A Florida Federal Trial Court Suggests That Contribution Between Comparatively At-Fault Parties Is Obsolete

Is the cause of action for Contribution still a viable claim? A recent federal court suggested that Contribution between comparatively at-fault parties is no longer a viable claim in light of the availability of comparative fault defenses to liability.

In Mendez-Garcia v. Galaxie Corp., 8:10-CV-788-T-24 EAJ, 2011 WL 5358658 (M.D. Fla. Nov. 3, 2011), the United States District Court for the Middle District of Florida addressed a trend recently observed in Florida courts with respect to claims for contribution.  The Plaintiff brought suit against Galaxie Corporation (“Galaxie”), a company that buys and sells used steel processing and soil handling equipment, for injuries suffered while operating a Galaxie product. Galaxie filed a third-party claim against the Plaintiff’s employer, Nanotec Metals, Inc. (“Nanotec”), for breach of contract, negligence, common law indemnification and contribution.

The trial court held that common law contribution was procedurally improper in light of the availability of comparative fault arguments.  Fla. Stat. § 768.31(2)(a) provides that “when two or more persons become jointly or severally liable in tort for the same injury to a person . . . there is a right of contribution” among them. However, Florida’s comparative fault statute, Fla. Stat. § 768.81(3), provides that in negligence cases, “the court shall enter judgment against each party liable on the basis of such party’s percentage of fault and not on the basis of joint and several liability.”  To allocate fault to a non-party, “a defendant must affirmatively plead this fault and prove it at trial ‘by a preponderance of the evidence.’” In light of Florida’s comparative fault statute, the Mendez-Garcia court held that “a defendant’s allegations of a non-party’s negligence should be pled in the form of an affirmative defense, and not alleged separately in a third-party complaint.”  The Court then stated that “[t]hird-party claims for contribution are now essentially obsolete.”  See also T & S Enters. Handicap Accessibility, Inc. v. Wink Indus. Maint. & Repair, Inc., 11 So. 3d 411, 412-13 (Fla. 2d DCA 2009) (reaching the same conclusion regarding contribution).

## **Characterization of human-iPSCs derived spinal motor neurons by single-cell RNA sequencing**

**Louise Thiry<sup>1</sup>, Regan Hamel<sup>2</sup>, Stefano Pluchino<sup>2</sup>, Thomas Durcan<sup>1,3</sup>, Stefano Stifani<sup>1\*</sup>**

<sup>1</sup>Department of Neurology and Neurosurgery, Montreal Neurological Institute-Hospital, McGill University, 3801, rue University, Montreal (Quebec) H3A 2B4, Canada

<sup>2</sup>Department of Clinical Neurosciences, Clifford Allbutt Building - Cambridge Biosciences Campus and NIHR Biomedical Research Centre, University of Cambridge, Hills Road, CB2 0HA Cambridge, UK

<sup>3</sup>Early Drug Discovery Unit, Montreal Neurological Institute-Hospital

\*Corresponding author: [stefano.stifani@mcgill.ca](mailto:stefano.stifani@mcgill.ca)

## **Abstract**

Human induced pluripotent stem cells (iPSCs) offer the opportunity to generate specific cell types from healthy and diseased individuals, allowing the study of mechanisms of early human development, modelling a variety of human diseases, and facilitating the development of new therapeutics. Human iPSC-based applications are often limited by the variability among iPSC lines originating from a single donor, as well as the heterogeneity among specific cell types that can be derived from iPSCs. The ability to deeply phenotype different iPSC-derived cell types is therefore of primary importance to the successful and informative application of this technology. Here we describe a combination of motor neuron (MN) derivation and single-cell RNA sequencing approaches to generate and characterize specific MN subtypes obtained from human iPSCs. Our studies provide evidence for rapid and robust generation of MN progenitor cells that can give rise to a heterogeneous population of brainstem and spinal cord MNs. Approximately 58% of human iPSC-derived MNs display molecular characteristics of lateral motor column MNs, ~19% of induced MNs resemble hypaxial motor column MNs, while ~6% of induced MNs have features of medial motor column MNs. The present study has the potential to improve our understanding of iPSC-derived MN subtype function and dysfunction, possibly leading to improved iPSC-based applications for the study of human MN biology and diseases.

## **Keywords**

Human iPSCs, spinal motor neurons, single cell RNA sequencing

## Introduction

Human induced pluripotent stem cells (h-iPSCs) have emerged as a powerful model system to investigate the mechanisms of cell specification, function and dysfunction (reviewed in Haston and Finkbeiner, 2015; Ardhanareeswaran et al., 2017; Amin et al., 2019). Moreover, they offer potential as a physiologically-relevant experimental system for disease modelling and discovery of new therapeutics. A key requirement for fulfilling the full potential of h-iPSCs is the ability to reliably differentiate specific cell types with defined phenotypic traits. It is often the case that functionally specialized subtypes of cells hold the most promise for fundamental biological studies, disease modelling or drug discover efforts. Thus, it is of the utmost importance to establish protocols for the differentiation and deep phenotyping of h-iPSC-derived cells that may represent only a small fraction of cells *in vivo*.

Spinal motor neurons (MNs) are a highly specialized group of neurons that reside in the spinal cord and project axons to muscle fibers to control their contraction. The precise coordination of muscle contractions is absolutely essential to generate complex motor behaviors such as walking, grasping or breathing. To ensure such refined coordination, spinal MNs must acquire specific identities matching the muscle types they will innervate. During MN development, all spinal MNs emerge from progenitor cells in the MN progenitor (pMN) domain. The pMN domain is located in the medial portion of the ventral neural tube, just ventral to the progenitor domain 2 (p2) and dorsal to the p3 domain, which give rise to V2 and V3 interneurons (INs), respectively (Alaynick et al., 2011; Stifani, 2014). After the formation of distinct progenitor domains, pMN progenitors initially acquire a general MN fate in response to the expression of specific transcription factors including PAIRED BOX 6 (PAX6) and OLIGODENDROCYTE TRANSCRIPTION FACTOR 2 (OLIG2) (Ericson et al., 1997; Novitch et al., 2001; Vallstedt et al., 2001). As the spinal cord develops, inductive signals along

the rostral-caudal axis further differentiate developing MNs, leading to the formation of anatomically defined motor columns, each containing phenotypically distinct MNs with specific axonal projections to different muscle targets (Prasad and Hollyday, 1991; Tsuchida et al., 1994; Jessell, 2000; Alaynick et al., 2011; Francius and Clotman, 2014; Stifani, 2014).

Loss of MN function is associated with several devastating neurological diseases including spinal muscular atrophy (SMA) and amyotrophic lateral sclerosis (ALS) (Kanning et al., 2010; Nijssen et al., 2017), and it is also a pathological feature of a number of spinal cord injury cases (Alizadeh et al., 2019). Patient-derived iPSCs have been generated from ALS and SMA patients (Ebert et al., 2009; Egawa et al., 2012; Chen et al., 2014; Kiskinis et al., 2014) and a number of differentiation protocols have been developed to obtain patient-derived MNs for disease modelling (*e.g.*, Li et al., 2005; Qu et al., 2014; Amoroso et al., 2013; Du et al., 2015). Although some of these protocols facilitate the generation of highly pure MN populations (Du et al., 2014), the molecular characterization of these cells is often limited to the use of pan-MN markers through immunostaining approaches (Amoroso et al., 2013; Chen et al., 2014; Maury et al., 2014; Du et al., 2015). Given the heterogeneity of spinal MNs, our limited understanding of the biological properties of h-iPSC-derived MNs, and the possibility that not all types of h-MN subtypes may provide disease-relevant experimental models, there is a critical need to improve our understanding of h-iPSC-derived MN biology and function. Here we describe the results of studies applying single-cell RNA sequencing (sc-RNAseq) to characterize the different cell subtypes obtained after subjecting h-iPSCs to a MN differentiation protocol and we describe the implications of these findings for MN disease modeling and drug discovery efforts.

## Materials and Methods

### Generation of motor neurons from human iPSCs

In the context of construction litigation, third-party practice is prevalent because construction projects typically involve many related parties, such as owners, developers, architects, engineers, general contractors, subcontractors, and materialmen, among others.  However, based on Mendez-Garcia and the T & S holdings, claims for common law contribution may no longer be viable in light of the availability of comparative fault defenses to liability.  It is therefore critical for insurers, insureds, and private entities to strategize with counsel to determine whether the filing of a third-party complaint should include a claim for contribution in addition to the assertion of comparative fault based defenses.  It is also critical to explore alternative theories of third party liability, such as subrogation or indemnification, wherever appropriate, to ensure the most economical and efficient results for the client.

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